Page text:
Duplicity and repetition are essential in the work of Jasper Johns (Augusta, Georgia, 1930) and two of the most important museums in the US –the Whitney in New York and the Philadelphia Museum of Art– have relied on them to organize the largest retrospective to date of this icon of 20th century art. Johns’s work –extensive in six decades of work, complex due to its many evolutions– unfolds in two cities too far apart –about 160 kilometers– to visit the two exhibitions on the same day and too close to avoid the temptation of travel to the other to meet the other better half of the great exhibition of
this fall in the USA
That trip was already made in 1957 by Johns himself, in the company of the also artist –and then his sentimental partner– Robert Rauschenberg. Johns had just made a name for himself on the New York scene after appearing in one of the first exhibitions of the influencer’s gallery. Leo Castelli. On a visit to Rauschenberg’s studio – which also appeared in the exhibition – Castelli saw some of Johns’s paintings recreating the US flag. It was a radical counterpoint to the fashionable art of the time, the abstract expressionism of Jackson Pollock o Willem de Kooning, a slap to the idea of art as an inner world, to the inspired brush stroke. The flag paintings – they would soon become a symbol of 20th century art – expanded the artistic fields, questioned the relationship between object and art, unknowingly opened a door to the ‘pop’ art of the sixties.
The ‘Art News’ critic defined Johns as ‘Neo-Dada’, referring to the Dadaism of, above all, Marcel Duchamp. And the Philadelphia Museum had the largest collection in the world of the French artist, so the two young artists went to personally inspect his relationship with Duchamp. That trip was the germ of a friendship between the three, it was very influential in Johns’s work and now it is one of the connections between both exhibitions. The one in Philadelphia opens with the first US flag painted by Johns, which appeared in the Castelli exhibition and whose story is decisive in the artist’s career. In 1954 – the same year the Philadelphia Museum of Art installed its new Duchamp collection – Johns had a revelation. “One day, he began to destroy all his works, methodically,” recalled the artist Rose Rosenthal, who lived in the same building as Johns and Rauschenberg. “Those works were made in the spirit of wanting to be an artist, not to be an artist,” Johns later explained. “I wanted to find what I did differently from others, what I was that others were not.”
The reveal was completed that same year. “One night I dreamed that I was painting a large American flag. The next morning I woke up, went out and went to buy the materials to do it. The flag is a sample of the duality of Johns. It can be an object or a painting, a symbol or a work of art. It can be interpreted as a patriotic and unpatriotic allusion. The artist reproduced it in many ways in the following years: duplicated on itself, superimposed in three layers in a sculptural way, in other colors … Other works of that time had the same component, away from the dominant abstraction, an open door to art concept that dominated the end of the twentieth century and what we take from it: the series of targets, the use of numbers and, even more famous, US maps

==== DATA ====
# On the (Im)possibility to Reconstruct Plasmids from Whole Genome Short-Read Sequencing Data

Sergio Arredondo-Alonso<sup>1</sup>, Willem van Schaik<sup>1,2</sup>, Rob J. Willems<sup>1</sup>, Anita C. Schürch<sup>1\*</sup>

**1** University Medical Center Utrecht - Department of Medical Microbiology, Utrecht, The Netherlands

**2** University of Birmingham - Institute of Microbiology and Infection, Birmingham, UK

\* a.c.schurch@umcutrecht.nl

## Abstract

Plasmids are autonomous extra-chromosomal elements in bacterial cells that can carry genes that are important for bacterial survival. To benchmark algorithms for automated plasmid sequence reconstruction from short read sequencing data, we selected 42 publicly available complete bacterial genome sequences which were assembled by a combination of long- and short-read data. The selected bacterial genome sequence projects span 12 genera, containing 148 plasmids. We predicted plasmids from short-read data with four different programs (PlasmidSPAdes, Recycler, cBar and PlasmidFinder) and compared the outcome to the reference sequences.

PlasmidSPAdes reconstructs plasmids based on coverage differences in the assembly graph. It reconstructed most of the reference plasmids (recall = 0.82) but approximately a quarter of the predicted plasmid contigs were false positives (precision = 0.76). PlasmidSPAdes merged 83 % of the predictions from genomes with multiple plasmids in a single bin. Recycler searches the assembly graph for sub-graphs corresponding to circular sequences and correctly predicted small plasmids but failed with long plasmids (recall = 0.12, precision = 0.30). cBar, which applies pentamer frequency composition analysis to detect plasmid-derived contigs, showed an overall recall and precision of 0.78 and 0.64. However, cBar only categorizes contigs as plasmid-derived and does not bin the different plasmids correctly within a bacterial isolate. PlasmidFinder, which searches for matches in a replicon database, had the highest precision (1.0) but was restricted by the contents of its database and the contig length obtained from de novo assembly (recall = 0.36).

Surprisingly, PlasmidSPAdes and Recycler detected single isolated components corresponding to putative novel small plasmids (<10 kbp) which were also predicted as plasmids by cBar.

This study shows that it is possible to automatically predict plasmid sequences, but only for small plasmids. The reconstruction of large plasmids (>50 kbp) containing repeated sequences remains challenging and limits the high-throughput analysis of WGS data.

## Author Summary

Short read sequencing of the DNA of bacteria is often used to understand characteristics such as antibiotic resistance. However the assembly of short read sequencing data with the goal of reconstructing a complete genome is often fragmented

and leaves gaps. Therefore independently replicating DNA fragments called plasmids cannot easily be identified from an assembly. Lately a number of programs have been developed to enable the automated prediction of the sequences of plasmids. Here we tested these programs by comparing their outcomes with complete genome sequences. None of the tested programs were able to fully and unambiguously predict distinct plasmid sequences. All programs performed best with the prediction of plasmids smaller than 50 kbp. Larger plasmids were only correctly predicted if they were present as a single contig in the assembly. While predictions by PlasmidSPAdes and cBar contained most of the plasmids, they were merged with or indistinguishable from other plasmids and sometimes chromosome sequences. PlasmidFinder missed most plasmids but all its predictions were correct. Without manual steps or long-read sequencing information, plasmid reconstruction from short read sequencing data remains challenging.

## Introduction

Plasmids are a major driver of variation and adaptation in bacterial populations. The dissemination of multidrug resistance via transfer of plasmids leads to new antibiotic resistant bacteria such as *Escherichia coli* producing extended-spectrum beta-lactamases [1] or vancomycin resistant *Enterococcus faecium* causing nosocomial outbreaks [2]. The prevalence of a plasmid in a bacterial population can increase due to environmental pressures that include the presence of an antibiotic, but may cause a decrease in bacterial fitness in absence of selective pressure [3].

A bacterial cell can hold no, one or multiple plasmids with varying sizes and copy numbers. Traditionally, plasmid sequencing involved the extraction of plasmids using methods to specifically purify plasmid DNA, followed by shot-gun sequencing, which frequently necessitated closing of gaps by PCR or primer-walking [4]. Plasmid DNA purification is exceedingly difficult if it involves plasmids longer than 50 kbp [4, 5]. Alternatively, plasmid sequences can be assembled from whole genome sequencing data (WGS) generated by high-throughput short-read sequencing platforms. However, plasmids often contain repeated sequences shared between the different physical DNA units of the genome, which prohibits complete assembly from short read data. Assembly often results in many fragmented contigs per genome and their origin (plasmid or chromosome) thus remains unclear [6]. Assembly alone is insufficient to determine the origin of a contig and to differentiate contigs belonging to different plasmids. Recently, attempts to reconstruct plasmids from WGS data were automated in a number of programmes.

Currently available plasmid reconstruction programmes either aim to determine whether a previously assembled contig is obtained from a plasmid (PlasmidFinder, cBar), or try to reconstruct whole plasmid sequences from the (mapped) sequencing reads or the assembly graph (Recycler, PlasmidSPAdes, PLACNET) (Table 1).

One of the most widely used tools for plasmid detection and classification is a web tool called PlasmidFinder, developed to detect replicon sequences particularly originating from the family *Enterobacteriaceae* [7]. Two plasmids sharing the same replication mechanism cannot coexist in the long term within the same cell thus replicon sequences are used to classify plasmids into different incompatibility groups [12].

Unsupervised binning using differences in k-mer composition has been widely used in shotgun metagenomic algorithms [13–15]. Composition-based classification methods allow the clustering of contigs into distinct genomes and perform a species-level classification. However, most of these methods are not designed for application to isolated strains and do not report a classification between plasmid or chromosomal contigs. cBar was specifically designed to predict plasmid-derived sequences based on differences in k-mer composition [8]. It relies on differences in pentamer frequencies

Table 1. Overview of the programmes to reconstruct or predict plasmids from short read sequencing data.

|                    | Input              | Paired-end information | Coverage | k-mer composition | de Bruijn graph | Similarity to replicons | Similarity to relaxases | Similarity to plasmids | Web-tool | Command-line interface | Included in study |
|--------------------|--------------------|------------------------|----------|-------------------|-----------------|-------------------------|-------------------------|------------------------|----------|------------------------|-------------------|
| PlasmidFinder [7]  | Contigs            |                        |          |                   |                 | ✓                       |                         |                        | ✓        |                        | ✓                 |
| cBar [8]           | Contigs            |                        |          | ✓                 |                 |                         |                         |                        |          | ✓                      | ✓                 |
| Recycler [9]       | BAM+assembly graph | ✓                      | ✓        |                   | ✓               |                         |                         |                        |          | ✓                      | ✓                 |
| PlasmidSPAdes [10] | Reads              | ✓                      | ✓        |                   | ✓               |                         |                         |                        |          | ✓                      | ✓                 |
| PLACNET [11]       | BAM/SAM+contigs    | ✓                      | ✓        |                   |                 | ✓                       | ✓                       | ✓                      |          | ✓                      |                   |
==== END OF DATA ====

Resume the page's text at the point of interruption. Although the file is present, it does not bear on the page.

More than 550 works
They are images that, despite the turns that Johns’ artistic career has taken, have continued to appear in his work, mixed with new ones. In the words of Hollad Cotter, critic of ‘The New York Times’: “Like memories and emotions, they always come back, with different weight and meaning, at different times and contexts, always the same, never the same.”
The sample is the size of Johns figure, no doubt America’s Greatest Living Artist and also the most influential: from Andy Warhol to Kerry James Marshall, and many of those in between. Are more than 550 works of art distributed in the two museums, which play with Johns’ duplicity and conceptual mirrors to present the works: both the Whitney and the Philadelphia Museum of Art the exhibitions are organized in ten rooms; the two museums recreate one of the exhibitions that Castelli organized of Johns; and both dedicate a gallery to one of the artist’s stages outside of New York: the Whitney, to his flight to a South Carolina beach area, Edisto Beach, after his break with Rauschenberg (much of what he created there was lost in a fire); Philadelphia focuses on his time in Japan, where he already was when he went through the army in the 1950s.
“They are not my ideas”
Johns has not stopped creating. Some of his most recent works are in retrospect. Lives and works in Sharon, a Connecticut town in which he lives forgotten by the world. Reserved, always reluctant to explain his workOr, he has not been involved in the retrospective, which was devised for last year – on the occasion of his 90th birthday – but was delayed by the pandemic. “Those are not my ideas,” she told Deborah Solomon, a journalist preparing her biography. “The exhibition was not my idea.”
The idea is, above all, by the curators Scott Rothkopf and Carlos Basualdo, respectively of the Whitney and the Philadelphia Museum of Art, two institutions closely linked to Johns’s work. Both have had to coordinate for the organization, a contradictory process, which has taken five years to forge, with ideas that clash many times, always complex. Like the protagonist of the retrospective himself.
“Jasper Johns is a mountain”, said Basualdo, Argentine and poet before curator, in the presentation in New York of the sample. But it is not a stable mountain; It is an imaginary mountain and every time you go it is different. Scott and I set out to be climbers, exploring this ever-changing landscape, ”he added. «Have we reached the summit? I do not know. But we certainly felt the breeze, we certainly saw the light. ‘